I release most fish as well and agree totally about minimal handling.  Shakers almost always good and sub 10 lbs usually head right down as well so the fight plays a part as well.  It is not the funnest way to catch nor is it possible with the big ones but in my experience the fish that get horsed in quick stand a much better chance. 

I have also noted fish that come up from the deeper water have to equalize swim bladder before they can descend and have seen many belly floaters kick there way down eventually.   

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Maybe a bit extreme for Lake O but on west coast the seasons for wild salmon and stocked salmon differ so you are required to use barbless hooks, they do much less damage when removing hooks that end up in top of mouth.  I can say without doubt even the bigger fish I catch out of Puget Sound / Pacific have much better survival rate.  That said surface and down temp difference not nearly as big as Lake O.

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Following this thread, some great advice and methods I hadn't even thought of. I CPR 99% of my fish and usually rely on different ways of revival depending on the species.

 

For Lakers (especially in Spring cold water), if you handle them quickly and have them in and out of the boat in under a minute, they will usually rocket back to the deep if torpedoed back in (getting oxygen to them quickly and sending them in the right direction). In the summer it gets more troublesome with the warm surface water so June-August I'll stop the boat after hooking up with a fish (fishing a 1-4 rod spread) and fight them while drifting, giving them time to equalize and rise slowly. Net the fish, unhook and measure in the net while the fish is still in the water, pick it up horizontally (and without gill gripping) for a quick picture or two, then place the fish back in the water, keeping a firm grip on the caudal peduncle (wrist) until it has regained enough strength to swim out of my grip (anywhere from instantly to 4-5 minutes). The most difficult Laker I've successfully revived took about 7-8 minutes after hopping into the lake with it to burp it and get water through its gills, but most take off within a minute or two. If you don't want/need pictures, I'd advise not even removing the fish from the water, but I'm somewhat of a trolling amateur and like to get pics of all my larger fish :).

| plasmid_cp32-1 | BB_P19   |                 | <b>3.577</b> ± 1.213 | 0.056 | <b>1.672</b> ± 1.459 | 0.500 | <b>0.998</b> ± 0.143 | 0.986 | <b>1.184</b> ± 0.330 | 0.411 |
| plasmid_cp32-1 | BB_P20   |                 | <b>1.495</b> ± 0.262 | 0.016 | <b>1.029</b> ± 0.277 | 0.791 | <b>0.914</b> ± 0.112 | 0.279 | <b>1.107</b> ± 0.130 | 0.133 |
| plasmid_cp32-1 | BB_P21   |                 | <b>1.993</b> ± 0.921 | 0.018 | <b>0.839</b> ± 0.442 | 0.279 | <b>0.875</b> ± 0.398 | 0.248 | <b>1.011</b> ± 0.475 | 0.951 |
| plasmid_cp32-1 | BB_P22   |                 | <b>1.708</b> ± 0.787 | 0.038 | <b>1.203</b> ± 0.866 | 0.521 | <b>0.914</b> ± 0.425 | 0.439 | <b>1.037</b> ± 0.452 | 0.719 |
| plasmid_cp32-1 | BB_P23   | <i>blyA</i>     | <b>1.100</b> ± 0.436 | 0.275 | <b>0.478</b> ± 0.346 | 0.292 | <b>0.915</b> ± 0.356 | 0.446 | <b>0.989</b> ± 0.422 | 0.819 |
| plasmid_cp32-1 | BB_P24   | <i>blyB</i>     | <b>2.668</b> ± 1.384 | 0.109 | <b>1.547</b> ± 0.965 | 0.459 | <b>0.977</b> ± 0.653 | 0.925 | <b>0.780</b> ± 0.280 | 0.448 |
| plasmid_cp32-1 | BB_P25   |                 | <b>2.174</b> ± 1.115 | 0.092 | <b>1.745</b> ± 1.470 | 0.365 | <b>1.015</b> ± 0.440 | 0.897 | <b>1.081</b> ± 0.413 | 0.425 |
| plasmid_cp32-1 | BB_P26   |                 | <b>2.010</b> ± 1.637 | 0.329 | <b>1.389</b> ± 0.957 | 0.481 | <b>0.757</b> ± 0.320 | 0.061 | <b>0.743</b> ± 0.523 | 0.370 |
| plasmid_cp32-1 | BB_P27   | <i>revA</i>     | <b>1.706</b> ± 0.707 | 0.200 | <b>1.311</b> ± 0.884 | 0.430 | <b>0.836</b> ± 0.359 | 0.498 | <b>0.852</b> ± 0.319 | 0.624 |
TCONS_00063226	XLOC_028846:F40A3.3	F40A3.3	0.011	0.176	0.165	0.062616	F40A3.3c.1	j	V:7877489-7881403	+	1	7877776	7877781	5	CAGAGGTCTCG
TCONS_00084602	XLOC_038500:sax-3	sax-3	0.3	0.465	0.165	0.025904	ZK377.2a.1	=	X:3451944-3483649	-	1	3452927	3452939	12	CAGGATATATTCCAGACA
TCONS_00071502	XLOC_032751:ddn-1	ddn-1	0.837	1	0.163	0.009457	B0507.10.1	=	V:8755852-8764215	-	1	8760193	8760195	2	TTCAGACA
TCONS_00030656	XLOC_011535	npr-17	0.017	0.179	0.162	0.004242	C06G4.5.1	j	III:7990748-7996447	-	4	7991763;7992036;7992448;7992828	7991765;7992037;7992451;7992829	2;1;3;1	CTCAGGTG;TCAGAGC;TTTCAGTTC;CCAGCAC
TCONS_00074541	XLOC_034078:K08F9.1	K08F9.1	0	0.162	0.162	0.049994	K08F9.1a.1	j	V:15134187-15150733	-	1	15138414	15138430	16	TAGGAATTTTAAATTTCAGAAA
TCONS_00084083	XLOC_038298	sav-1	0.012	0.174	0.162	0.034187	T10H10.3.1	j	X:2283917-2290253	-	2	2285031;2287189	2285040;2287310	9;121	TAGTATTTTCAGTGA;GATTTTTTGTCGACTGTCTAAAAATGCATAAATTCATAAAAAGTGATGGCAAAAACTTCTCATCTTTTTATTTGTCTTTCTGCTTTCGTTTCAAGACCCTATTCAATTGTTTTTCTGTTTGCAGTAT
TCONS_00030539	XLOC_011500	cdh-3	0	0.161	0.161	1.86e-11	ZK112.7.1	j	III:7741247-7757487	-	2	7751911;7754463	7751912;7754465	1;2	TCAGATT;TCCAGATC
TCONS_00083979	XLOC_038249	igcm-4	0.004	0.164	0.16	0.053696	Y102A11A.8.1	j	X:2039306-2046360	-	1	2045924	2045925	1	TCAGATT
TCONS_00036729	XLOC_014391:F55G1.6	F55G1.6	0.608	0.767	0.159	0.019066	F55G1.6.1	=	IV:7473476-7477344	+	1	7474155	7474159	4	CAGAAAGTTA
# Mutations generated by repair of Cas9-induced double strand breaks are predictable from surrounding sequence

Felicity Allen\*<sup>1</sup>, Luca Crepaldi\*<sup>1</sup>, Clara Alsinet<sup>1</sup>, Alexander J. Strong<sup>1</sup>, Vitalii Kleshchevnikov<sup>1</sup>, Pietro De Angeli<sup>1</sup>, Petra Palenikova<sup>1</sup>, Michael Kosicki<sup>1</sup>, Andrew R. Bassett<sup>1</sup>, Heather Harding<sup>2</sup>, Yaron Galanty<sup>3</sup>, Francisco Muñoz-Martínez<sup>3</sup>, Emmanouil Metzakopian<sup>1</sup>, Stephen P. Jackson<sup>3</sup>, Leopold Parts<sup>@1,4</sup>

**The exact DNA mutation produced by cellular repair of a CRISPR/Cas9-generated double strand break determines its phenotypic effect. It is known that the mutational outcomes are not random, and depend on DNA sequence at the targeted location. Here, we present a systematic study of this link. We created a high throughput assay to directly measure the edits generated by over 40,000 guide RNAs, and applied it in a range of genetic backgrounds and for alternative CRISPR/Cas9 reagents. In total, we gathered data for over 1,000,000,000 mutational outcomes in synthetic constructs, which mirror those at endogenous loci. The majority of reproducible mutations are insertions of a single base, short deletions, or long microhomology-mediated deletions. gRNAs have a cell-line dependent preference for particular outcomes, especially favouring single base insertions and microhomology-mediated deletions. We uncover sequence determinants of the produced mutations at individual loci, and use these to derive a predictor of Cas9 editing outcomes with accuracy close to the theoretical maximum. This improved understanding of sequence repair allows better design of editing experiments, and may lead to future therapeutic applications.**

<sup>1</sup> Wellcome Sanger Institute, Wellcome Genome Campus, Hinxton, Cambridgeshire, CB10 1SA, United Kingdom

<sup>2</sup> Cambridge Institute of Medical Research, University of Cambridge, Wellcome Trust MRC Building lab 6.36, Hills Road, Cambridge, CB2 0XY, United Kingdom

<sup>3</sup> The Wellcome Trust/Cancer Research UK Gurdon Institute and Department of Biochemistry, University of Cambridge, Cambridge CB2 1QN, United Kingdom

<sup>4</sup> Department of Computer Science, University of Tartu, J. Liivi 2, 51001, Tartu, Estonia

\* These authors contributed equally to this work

As for Steelhead, which are basically suicide-fighters during the Summer, I pretty much always have to stop the boat and use the same method as I do for summer Lakers, otherwise they just float belly-up looking like a free meal for gulls. Only for Steelies, I'm still not able to revive more than 50-60% of the fish after 5-10 minutes drifting with them. The others, I believe, have so much of a lactic acid buildup that they fight themselves to death. 

 

Salmon, I have much less experience with than Lakers and Steelhead, but I've noticed that the shakers swim away just fine after handled "normally" while the larger fish will sit at the surface for half a minute or so before slowly swimming back down.

Edited by Char_Master

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  Caught 14 lakers yesterday & released all but 1 for the smoker!  We either unhooked them in the water never netting them or we did the boga grip thing & it worked perfect held the fish along side the boat & let them go when they were ready.  Thanks for the info, guys!  BTW all where caught on Gambler rigs.

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2 minutes ago, lineman49 said:

  Caught 14 lakers yesterday & released all but 1 for the smoker!  We either unhooked them in the water never netting them or we did the boga grip thing & it worked perfect held the fish along side the boat & let them go when they were ready.  Thanks for the info, guys!  BTW all where caught on Gambler rigs.

:yes: